Termites can be treated in two ways: with liquid or with baits. Hughes explained the difference between the two: “Bait treatment is setting stations around the outside of the house that are filled with product that attracts the bugs. They’ll take it back to the colony to eat it and the colony will die off. However, this treatment is not as effective in the winter if the termites can’t access the traps because of snow. 

“Liquid treatment is when the inspector digs a trench around the house and fills it with the same product. They will also drill holes in the slabs of the foundation of the house and fill them. This product is non-toxic to people and animals but should wipe out any insects living in the home.” 

Ask the pest inspector about a warranty.

Yes, pest inspectors can have warranties! “You should always ask if a treatment is covered by a warranty,” said Hughes. “It’s the most important thing you can ask a pest inspector and it tells you all you need to know about the company. You don’t just want them to keep coming back to treat the same problem. You want a company that will treat it and repair the damage.”

Pest Professionals’ Advice for First-Time Buyers

Our pest professionals had a lot of great advice for first-time buyers who might feel overwhelmed thinking about their new home having a pest problem.

1. Pest inspections are visual.

Unfortunately, inspectors can’t see through walls or floors and they can’t predict the future. They can only tell you what evidence they find. 

“It’s important that first-time buyers know this inspection is visual,” said Lehman. “Unfortunately, I don’t have X-ray vision. It’s a common misconception that a home is going to be completely pest-free but the inspection is intended to find wood-destroying insects. So it’s not impossible for the home to have an ant problem pop up in the spring or a mouse in the winter.”

2. If you can reach out to the inspector, ask questions about the condition of the home. 

If you’re able to talk directly with the pest inspector, make sure you ask questions not just about what they found, but about the condition of the house overall. As we said, inspectors can’t predict the future. But they can tell you what to keep an eye out for. 

“First-time buyers should ask about conducive conditions and what to correct to avoid a future pest problem,” said Lehman. “Although the inspection is for wood-destroying insects, they should ask about other general pest concerns, the possibilities of a pest problem and prevention. Ask about the neighborhood! More than likely, I have an idea of the level of pest activity in that area.”

3. Do your due diligence with the seller. 

Carefully review the seller’s disclosure for any mention of previous pest problems or treatment. If you don’t see it, you can ask the seller’s outright for documentation of any pest treatments that may have been done.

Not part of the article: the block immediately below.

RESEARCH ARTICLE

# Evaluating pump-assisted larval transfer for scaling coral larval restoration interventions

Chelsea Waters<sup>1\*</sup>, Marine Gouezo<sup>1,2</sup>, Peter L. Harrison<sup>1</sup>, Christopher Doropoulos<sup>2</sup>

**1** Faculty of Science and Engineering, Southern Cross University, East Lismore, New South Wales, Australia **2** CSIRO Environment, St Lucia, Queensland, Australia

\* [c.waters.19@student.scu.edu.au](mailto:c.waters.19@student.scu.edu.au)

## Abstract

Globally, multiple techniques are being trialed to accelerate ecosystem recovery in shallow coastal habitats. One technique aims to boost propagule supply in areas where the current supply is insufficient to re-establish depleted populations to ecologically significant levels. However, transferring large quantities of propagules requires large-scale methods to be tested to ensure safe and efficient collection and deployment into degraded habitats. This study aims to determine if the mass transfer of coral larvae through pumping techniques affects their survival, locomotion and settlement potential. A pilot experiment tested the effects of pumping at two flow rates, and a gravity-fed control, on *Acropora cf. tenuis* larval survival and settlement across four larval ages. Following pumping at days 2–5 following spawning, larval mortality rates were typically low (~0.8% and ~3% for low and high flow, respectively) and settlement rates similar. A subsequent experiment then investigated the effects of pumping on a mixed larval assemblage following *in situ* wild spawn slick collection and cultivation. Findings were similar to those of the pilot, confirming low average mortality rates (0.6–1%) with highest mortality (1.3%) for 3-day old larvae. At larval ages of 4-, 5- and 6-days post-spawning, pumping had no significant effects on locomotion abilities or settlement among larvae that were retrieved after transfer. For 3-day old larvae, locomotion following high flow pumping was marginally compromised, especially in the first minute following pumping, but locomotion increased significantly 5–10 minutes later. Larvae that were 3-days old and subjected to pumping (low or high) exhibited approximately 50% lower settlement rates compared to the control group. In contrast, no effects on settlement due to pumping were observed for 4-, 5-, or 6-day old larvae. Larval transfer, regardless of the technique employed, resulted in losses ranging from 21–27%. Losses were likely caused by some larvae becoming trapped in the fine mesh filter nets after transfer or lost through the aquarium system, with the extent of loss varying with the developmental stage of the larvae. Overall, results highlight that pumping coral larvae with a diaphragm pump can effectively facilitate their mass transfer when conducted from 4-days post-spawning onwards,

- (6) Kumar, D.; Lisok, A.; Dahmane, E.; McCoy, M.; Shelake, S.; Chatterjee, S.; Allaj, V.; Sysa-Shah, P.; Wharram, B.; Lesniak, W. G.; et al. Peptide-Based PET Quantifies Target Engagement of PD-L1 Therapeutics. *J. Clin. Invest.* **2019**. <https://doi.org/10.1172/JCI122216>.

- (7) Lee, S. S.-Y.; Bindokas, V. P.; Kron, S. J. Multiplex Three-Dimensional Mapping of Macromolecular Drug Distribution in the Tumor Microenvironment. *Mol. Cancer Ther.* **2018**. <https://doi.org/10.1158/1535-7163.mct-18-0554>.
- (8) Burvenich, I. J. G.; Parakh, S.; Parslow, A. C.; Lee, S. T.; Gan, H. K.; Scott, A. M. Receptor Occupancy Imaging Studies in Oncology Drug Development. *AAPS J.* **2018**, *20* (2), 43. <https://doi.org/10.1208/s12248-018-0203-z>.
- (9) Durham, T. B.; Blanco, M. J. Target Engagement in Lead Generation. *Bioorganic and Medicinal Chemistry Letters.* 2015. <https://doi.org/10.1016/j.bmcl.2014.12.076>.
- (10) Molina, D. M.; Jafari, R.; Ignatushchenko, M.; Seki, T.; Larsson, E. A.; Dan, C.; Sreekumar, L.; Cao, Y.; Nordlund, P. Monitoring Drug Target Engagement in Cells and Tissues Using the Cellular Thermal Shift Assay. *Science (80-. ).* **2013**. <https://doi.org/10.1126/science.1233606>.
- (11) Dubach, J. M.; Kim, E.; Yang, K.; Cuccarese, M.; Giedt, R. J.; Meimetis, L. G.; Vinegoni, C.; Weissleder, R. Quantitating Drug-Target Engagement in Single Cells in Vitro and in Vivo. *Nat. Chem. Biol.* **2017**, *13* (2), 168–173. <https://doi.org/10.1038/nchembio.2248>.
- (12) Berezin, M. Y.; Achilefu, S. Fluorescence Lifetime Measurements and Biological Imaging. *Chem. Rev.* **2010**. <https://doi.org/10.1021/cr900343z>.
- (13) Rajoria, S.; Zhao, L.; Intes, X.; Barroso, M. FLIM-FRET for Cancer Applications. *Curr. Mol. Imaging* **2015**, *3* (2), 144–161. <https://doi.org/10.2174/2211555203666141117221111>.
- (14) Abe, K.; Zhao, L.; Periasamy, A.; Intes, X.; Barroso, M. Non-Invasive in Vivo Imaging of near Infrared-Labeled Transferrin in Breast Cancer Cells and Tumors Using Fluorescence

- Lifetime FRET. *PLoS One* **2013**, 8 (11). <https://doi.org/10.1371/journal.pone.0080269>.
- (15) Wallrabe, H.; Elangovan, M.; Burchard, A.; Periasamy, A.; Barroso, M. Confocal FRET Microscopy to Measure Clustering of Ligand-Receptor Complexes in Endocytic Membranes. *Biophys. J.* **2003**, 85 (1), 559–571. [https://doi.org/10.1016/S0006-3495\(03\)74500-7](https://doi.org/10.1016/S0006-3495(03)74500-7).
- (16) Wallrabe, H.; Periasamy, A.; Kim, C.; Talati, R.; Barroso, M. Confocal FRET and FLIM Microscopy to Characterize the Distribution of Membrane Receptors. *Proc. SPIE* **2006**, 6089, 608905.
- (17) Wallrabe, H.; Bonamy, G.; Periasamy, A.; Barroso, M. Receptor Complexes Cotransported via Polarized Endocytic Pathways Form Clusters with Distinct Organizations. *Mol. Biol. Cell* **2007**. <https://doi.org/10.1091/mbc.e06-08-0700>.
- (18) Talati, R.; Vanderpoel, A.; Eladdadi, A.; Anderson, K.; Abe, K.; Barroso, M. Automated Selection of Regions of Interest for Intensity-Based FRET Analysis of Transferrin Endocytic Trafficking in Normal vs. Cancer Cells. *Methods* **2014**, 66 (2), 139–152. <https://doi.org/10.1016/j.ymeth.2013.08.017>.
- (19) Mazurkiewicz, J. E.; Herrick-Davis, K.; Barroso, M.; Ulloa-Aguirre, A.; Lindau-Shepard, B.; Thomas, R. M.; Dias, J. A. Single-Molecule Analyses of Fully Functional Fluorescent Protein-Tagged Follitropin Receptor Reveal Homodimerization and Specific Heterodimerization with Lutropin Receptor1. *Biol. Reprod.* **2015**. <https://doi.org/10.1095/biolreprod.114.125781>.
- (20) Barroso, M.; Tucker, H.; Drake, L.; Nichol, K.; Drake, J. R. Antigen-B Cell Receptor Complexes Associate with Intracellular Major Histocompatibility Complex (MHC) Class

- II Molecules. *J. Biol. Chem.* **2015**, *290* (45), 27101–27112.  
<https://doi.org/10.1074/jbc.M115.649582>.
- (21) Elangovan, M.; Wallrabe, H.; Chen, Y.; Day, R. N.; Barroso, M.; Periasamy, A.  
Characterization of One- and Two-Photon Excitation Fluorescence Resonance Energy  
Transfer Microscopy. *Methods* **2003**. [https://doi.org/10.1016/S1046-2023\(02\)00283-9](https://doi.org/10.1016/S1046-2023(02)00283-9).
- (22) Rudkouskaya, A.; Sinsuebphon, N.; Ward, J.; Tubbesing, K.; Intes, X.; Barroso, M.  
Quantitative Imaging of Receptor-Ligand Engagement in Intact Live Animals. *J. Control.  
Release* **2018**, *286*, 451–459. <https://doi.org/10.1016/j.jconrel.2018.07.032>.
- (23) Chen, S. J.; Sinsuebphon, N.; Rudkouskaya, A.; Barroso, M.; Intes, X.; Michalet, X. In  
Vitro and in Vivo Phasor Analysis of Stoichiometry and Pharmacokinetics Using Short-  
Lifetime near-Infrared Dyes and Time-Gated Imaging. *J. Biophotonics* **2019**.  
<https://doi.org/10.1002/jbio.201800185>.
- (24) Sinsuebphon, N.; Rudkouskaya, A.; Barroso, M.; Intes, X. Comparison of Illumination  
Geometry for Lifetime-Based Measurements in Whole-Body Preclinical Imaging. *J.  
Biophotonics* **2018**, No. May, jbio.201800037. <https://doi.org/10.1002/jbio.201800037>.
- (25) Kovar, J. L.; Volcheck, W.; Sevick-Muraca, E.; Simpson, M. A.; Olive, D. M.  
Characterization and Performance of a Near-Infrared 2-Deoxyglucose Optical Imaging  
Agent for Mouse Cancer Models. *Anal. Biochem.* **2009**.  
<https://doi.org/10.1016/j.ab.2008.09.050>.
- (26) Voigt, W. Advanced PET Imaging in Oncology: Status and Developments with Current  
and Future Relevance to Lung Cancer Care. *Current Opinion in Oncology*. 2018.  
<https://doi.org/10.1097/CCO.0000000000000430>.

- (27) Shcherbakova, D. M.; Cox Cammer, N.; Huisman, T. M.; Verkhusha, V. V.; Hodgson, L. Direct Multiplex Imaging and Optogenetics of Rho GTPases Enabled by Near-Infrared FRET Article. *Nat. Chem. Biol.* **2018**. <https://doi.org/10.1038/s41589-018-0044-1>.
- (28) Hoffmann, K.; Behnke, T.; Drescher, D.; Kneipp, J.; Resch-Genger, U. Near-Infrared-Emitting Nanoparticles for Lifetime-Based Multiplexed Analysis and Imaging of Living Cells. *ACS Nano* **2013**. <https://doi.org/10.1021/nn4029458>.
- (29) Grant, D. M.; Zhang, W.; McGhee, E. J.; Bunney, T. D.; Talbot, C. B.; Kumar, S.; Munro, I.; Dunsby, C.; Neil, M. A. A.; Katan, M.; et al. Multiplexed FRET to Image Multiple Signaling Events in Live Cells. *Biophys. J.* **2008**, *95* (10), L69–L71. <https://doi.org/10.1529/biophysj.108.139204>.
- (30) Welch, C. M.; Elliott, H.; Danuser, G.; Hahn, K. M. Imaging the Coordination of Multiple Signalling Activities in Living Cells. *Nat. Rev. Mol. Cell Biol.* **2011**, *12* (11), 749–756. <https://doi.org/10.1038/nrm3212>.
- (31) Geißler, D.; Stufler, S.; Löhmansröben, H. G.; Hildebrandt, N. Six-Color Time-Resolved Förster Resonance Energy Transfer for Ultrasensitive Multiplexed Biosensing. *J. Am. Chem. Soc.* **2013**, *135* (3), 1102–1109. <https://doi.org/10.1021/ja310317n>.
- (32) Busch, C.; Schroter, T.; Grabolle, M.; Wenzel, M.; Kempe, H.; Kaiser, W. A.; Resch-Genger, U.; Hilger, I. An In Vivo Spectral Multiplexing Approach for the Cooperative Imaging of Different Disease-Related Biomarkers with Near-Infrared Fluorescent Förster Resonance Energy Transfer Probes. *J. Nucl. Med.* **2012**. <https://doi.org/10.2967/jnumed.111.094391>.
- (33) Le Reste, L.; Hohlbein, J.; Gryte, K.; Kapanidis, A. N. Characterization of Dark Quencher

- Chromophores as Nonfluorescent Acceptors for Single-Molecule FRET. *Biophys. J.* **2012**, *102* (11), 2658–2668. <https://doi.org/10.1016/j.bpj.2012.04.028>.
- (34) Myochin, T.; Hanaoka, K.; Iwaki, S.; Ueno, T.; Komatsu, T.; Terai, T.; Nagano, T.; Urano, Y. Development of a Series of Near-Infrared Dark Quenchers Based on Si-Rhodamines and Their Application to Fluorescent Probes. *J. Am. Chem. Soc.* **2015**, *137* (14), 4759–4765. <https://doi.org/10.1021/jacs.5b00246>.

The pest report the inspector sends to the seller and closer has to be signed by you. Make sure you read it carefully so you know exactly what the inspector found. If they mention any kind of treatment recommendation, your agent should talk to the seller about it. 

“Always ask about termites before you close!” said Hughes. “Always read the seller’s disclosure and always read the pest inspection form you have to sign before closing. Termites can live in a house for years before you start to see any visible evidence, so always ask questions and speak up if you think there’s a need for treatment.”

4. Just because a house has or had a pest problem, doesn’t mean you shouldn’t buy it.

Like we said before, a pest problem is not necessarily a deal breaker. It depends on the pest and the severity of the problem. “Just because a house has, or once had, termites doesn’t mean it’s a bad house or that you shouldn’t live there,” explained Hughes. “It just means you need a good pest inspector.”

A pest inspection is a vital part of the home buying process. Make sure you receive all the information you need from the seller so you can close with confidence. 

Don’t fear the home inspection; see it as an opportunity to learn more about the home you want to live in and get ready to learn how to take care of it. 

If the inspection brings your agent back to the negotiating table with the seller, remain calm! An experienced agent will make sure the seller takes care of anything big and you can decide what issues you are comfortable addressing on your own. It is possible you may end up walking away from a home you love because of the inspection- this isn’t the end of the world. Your agent will help you find a new home that you’ll love just as much. 

We’ll cover negotiating issues with the seller in the next part of the first-time homebuyer series.